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Corporate Tax Changes and Credit

Date: 15th March 2019
Time: 14:00
Location: KB1-11, First Floor, Kemmy Business School

Department of Economics Seminar


Yota Deli
School of Economics, University College Dublin



Investment Tax Incentives and their Big Time-to-Build Fiscal Multiplier


Dimitris Bermperoglou (Kiel Institute of the World Economy)
Sarantis Kalyvitis (Athens University of Economics and Business)

Date:   Friday 15th March, 14h00-15h00
Venue:   Kemmy Business School, KB1-11
All are welcome to attend.


Yota Deli is an Assistant Professor in the School of Economics, University College Dublin, Ireland.  Prior to her post in UCD, she was a lecturer in the Adam Smith Business School, and a post-doctoral fellow in Economics in the ESRI (Ireland).
Yota’s research interests are in the fields of Macroeconomics and Banking, Fiscal Policy and Taxation, Property and Economic Inequality.
She completed her PhD in Economics in Athens University of Economics and Business (Greece).  During her PhD, she was working on DSGE models with different assumptions for the depreciation function to better understand investment and capital utilization and maintenance decisions.  At the same time Yota was working on the empirical literature of banking and in particular the economic effects of macro-prudential policy and banking regulation. Yota Deli’s research up to now has been published in the Journal of Banking and Finance, and in the Journal of International Money and Finance.”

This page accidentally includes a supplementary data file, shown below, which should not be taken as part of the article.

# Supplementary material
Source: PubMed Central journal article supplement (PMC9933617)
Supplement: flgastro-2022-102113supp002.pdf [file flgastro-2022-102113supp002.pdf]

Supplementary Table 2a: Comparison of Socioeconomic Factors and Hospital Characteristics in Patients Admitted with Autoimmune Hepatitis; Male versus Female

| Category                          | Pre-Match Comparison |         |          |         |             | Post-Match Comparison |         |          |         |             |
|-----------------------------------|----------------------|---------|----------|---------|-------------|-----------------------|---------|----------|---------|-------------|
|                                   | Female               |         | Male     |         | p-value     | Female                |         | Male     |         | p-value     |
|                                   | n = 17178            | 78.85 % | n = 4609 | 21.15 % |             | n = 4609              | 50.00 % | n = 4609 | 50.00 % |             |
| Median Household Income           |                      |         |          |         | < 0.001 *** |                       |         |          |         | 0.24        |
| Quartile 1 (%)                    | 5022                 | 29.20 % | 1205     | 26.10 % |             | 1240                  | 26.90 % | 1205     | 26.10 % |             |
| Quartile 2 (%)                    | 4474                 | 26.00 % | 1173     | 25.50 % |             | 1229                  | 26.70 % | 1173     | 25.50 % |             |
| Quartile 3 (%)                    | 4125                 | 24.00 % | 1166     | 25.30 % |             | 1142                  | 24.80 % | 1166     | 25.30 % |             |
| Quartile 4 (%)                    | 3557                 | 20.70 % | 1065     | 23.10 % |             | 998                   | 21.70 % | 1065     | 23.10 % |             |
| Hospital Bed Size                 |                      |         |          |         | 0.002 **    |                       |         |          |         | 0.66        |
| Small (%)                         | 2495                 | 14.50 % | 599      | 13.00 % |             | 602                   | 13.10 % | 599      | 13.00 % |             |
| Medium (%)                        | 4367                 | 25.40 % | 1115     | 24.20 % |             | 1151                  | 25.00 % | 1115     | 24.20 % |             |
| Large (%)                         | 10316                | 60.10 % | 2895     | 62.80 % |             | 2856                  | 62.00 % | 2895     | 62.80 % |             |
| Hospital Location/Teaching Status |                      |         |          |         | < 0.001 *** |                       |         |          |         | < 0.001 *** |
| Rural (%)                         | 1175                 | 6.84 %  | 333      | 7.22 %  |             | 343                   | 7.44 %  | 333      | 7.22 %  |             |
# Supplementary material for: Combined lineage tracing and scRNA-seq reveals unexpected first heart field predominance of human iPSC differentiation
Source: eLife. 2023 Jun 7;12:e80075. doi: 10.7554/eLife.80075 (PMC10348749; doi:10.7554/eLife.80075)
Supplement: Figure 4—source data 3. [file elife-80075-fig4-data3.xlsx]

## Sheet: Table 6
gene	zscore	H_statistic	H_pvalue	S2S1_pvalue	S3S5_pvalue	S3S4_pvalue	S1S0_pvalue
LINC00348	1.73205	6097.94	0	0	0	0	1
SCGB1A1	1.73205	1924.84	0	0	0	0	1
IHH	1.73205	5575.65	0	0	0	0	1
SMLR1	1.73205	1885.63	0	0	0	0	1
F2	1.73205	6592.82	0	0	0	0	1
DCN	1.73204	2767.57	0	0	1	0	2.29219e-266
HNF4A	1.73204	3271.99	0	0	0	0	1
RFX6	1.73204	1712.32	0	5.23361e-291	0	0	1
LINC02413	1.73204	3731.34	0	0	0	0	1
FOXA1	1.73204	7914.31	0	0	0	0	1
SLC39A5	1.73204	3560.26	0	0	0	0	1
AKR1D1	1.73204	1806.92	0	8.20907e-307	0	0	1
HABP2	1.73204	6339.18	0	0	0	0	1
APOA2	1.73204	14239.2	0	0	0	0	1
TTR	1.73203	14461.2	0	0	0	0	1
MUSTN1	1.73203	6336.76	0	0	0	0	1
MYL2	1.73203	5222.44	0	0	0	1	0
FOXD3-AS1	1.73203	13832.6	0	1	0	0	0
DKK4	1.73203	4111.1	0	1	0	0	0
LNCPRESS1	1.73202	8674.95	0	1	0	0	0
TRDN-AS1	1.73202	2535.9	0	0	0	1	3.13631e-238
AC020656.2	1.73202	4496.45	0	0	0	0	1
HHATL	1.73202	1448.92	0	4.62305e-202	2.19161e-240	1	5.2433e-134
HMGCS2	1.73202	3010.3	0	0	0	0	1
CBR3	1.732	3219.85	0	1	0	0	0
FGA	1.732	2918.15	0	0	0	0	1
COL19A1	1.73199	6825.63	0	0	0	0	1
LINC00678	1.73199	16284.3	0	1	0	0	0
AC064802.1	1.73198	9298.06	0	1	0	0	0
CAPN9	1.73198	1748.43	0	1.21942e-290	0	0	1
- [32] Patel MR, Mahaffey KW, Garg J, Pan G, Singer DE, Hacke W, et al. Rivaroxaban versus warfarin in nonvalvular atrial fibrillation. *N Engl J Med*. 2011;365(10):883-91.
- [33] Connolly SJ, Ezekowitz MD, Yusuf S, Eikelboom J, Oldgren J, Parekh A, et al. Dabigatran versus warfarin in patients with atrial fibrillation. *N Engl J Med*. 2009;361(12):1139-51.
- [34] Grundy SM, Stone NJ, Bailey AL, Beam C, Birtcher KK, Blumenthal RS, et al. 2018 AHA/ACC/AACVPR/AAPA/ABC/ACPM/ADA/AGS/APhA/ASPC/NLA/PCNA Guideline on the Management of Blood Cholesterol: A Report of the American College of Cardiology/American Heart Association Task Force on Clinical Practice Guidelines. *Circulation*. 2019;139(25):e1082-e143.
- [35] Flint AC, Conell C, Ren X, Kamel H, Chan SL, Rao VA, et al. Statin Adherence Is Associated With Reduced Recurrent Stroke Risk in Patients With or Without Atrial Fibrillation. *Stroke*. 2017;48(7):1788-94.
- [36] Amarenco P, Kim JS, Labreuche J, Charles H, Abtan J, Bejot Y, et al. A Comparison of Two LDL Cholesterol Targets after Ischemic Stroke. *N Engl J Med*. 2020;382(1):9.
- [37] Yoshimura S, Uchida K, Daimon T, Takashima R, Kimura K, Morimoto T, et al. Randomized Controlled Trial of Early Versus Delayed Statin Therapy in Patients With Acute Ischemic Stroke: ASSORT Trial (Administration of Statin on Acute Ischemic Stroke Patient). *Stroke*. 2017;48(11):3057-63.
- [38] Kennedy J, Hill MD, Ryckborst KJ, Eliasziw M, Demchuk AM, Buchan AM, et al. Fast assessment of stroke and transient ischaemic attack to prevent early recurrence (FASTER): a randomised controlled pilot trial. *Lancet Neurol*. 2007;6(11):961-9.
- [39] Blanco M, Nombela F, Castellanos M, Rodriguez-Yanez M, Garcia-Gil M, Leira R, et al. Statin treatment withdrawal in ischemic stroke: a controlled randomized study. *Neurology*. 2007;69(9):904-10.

This paper studies the impact of investment tax incentives as a tool to stimulate output in the context of a medium scale DSGE model, which allows for a variety of fiscal financing mechanisms. We find that the horizon following a positive shock in investment tax incentives is crucial: the shock is highly expansionary in the long run, with the relevant fiscal multiplier substantially exceeding 1, but this effect only becomes visible after 2 to 3 years. Our quantitative analysis indicates that this expansion is triggered by the rise in the marginal product of labor and the demand for labor.

Department of Economics Seminars